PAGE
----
I have long believed that you do not learn much about your team until they function in a game setting. In the confines of drills and intra squad play, you are not exposed or challenged. Your sets appear to work, your players learn what you teach them, but there is no substitute for a game setting that hurls at them unpredictibility.
Tonight, amid much ballyhoo, and a star-studded gallery, my JV team took on Mr. Charm’s freshmen. The final score was 71-59 JV, but how the game played out is of the most signifigance.
The freshmen team took it to us for the first 4 minutes building a 15-6 lead. Most of our trouble came from a complete inability to contain point guard, RJ Bradley. His quickness got the ball up floor before we could set a defense and created easy looks. I made a substitution in our “stretch” (transition man defense) that helped us contain him. With that move the freshmen were limited to five points over the remaining four minutes of the first quarter. As we got stops, we gained some poise offensively and cut the deficit to 20-18 at the quarter.
In the second period, I tried to play 1-3-1, but we seldom got in the defense to any effect. Our shape was bad, and we allowed too many quick, direct passes. The purpose of the 1-3-1 is slow a team down and force them to lob passes over the defense, preferrably near midcourt. Our lack of shape was fatal. The ball was swung top to top quickly and our wing players couldn’t get wide enough in time to prevent the ball from getting swung to the wing. We also had difficulty playing behind the middle guy so we had no presence in the middle of the floor to anchor the defense upon. Also of signifigance was that in playing 1-3-1 so poorly we allowed the freshmen to steal minutes with weaker players without getting hurt.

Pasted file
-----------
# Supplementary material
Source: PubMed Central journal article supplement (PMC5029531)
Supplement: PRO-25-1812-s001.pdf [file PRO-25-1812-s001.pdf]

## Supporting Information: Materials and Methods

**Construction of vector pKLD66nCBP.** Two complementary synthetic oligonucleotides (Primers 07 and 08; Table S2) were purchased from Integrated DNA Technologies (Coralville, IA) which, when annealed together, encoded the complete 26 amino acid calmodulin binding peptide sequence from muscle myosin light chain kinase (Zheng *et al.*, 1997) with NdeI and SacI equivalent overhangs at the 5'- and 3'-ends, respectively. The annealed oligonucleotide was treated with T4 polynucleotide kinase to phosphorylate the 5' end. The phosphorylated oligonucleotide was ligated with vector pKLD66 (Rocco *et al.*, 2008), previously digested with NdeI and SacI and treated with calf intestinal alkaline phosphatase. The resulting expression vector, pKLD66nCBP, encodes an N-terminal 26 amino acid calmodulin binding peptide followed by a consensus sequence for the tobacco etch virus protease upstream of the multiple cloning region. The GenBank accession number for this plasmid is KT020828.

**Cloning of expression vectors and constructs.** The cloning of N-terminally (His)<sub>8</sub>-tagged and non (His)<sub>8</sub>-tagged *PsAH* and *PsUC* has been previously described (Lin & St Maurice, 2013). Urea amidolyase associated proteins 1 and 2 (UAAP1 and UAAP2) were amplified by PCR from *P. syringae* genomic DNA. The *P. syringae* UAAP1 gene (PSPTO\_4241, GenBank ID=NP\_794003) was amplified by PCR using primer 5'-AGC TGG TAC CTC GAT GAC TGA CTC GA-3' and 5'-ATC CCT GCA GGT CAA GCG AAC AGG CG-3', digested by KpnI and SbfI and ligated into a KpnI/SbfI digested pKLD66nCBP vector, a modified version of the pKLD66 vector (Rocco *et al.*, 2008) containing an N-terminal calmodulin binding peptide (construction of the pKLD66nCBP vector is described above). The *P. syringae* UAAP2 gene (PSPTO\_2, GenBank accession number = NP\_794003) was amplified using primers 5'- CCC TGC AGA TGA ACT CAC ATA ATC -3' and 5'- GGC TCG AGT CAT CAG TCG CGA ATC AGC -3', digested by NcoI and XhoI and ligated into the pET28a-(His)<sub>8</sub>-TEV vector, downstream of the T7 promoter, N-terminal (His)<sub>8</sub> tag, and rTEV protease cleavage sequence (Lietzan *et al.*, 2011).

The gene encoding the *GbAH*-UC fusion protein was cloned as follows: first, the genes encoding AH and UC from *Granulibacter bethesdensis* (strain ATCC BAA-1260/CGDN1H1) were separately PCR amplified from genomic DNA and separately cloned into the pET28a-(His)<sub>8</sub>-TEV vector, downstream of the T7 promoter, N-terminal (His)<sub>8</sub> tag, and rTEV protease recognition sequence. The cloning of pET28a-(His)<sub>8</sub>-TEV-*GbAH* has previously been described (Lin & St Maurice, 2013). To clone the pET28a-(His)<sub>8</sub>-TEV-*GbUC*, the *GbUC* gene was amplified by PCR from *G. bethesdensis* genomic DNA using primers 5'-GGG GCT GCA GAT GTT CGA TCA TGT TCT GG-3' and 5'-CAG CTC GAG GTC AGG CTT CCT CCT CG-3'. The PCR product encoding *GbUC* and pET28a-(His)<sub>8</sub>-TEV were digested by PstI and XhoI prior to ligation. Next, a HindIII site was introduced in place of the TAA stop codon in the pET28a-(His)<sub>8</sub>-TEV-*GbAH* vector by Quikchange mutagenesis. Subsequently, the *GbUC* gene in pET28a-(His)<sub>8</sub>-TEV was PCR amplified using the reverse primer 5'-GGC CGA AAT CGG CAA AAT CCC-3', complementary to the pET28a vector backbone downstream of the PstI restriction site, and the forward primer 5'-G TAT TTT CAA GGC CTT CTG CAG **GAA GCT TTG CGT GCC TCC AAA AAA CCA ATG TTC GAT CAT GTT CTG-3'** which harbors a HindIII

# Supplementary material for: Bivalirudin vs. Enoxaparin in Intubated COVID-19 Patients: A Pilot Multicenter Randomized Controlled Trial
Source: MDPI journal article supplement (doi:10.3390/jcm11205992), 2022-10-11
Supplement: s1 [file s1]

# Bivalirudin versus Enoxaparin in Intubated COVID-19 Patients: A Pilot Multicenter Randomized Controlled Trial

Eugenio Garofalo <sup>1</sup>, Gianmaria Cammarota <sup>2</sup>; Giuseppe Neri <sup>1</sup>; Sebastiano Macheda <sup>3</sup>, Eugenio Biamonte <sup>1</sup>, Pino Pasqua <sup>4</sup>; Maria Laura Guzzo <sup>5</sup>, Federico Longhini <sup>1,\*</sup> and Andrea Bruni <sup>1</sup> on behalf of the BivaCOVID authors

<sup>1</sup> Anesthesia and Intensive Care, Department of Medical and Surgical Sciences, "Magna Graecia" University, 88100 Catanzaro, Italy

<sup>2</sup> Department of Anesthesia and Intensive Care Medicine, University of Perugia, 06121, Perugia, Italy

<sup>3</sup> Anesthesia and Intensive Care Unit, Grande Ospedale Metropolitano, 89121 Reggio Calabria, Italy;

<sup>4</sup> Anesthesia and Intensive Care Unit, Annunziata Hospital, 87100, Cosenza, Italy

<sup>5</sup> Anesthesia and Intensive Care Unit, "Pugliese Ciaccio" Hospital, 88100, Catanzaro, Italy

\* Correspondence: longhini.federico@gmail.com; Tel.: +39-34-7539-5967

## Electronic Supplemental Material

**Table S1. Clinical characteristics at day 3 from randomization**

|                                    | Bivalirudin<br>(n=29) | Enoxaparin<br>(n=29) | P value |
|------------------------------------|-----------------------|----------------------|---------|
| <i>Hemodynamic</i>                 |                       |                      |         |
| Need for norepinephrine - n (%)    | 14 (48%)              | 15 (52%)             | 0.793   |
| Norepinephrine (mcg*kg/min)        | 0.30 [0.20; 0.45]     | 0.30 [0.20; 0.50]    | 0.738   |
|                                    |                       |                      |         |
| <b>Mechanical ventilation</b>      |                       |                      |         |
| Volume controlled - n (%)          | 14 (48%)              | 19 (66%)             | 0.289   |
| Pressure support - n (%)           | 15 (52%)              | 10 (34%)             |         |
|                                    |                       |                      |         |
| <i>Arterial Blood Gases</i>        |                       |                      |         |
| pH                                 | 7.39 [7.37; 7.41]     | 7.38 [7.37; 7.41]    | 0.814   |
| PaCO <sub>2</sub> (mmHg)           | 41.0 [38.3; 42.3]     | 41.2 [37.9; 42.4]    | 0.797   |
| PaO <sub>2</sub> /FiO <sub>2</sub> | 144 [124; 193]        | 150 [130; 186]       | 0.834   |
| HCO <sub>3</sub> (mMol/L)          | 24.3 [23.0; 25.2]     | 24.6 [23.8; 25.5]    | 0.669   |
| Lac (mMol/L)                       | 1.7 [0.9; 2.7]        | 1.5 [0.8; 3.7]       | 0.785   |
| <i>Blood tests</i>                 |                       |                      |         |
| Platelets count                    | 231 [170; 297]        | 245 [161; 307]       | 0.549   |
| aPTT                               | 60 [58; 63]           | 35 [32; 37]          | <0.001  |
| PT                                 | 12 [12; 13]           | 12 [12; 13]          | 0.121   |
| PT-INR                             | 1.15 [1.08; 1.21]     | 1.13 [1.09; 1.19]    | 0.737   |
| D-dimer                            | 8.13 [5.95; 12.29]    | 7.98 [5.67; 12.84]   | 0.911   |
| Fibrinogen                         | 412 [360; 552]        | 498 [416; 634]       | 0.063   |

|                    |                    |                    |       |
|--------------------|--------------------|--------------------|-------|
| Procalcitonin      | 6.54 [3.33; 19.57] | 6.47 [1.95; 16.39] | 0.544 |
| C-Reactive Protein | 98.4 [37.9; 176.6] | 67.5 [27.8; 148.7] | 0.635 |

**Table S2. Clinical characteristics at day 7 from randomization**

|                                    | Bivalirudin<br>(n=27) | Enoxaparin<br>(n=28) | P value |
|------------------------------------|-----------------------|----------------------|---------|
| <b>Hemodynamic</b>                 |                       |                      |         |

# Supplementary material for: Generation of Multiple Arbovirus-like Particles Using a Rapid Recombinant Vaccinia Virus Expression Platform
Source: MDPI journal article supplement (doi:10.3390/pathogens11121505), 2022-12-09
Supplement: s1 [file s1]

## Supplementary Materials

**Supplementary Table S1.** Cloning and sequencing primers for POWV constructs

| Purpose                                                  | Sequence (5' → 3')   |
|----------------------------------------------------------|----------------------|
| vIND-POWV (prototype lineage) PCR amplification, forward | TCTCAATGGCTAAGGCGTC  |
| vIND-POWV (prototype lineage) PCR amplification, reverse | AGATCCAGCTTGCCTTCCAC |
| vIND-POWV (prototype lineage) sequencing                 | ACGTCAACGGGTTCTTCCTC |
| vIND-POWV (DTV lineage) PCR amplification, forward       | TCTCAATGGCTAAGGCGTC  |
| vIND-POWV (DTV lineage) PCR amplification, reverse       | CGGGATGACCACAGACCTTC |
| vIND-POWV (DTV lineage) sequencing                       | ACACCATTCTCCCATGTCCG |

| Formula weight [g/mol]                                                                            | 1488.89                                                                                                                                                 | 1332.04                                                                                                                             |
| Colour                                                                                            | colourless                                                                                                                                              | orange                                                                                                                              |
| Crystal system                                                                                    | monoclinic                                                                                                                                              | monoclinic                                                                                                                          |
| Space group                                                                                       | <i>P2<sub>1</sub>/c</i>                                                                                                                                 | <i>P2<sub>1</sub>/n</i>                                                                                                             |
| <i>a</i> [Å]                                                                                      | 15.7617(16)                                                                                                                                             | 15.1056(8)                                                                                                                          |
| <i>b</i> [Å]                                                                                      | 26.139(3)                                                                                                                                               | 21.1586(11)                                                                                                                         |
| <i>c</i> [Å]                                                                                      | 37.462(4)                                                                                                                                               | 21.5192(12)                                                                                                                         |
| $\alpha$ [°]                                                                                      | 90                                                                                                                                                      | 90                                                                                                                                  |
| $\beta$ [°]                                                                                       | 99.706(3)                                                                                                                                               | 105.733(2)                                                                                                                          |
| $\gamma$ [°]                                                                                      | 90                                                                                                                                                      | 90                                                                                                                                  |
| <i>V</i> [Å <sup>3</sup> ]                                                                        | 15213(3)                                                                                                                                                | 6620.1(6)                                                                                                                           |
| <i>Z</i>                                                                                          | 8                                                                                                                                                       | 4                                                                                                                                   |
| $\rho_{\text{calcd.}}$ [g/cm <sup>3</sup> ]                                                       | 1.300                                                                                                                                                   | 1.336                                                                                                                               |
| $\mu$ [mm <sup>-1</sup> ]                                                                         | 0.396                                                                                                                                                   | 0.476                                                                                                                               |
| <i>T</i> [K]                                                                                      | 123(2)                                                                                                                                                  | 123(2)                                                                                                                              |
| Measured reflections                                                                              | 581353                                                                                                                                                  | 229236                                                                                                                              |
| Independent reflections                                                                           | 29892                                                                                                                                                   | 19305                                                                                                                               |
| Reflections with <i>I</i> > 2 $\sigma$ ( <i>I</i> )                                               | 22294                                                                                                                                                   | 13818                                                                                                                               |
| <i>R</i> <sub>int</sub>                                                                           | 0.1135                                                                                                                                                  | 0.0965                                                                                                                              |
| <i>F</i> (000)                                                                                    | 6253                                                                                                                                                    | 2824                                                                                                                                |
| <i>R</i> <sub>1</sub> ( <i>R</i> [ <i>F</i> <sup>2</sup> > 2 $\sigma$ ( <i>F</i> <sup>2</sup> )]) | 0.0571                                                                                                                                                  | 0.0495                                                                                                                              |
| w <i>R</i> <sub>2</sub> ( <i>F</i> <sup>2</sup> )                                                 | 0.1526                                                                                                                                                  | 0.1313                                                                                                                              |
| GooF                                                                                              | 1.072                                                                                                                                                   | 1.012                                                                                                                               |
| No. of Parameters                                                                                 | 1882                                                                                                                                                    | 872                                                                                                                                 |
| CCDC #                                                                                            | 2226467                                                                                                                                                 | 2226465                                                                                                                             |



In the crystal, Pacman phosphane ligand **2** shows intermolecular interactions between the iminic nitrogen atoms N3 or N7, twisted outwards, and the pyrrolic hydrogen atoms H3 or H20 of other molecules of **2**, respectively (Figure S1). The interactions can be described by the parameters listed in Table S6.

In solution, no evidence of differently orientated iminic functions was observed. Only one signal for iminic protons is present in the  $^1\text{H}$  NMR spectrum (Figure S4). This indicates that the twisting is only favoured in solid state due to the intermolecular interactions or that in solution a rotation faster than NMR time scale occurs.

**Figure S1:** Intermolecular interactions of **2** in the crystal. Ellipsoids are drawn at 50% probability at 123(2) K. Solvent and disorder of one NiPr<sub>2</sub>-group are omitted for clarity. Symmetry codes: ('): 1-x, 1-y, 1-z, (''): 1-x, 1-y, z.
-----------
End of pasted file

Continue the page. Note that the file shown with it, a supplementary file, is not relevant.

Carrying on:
In the third period, both teams played zone. My group played 2-1-2 to moderate effectiveness, but we were terrible attacking their zone. We repeatedly passed the ball into traffic and turned it over. We did not swing the ball side to side freely to manipulate the zone and break it down. We did manage to get the lead at 50-48 in the closing seconds of the quarter, but senselessly gambled allowing the freshmen to drive down the middle for a game-tying lay up at the horn. This is a typical time and score situation. We have played poorly, but gotten the lead. Time is running down in the quarter, and our best play would have been to remain solid defensively, hold our shape and rebound the final shot. By gambling we opened the floor in the closing seconds and gave up a potentially disheartening basket.
In the fourth quarter, we responded well. Defensively we picked it up in the 2-1-2, got several steals and some easy baskets. “Breaking” the tie game and quickly going up 3 possessions put pressure on the freshmen that the game was getting away from them. They only scored two points in the first four minutes of the final quarter. From that point, a tactical time and score game followed whereby we attempted to spread the floor, move the ball and force the freshman to chase the ball and lose shape. Due to our collective inexperience and lack of awareness we took a number of poor shots in the final four minutes that complicated the stretch run.
At this point in our team development, we are just playing. To get to what we can be as a team, we need to learn to dictate the game on both ends. That is a process that involves adapting to the situation at hand. Recognizing what is hurting us defensively and adjusting to it (taking away RJ). Changing tactics as the game progresses and recognize the value of doing so in the concept of dictating play (we did not play 1-3-1 tactically correct). Finally, time and score. Shots and plays that are fine when you are down, or even in a game become bad shots and bad plays when you are up. I am happy that we learned the lessons of today, and not a week from Monday. This lessons of tonight will sharpen our focus in practice next week and drive us toward meaningful improvements.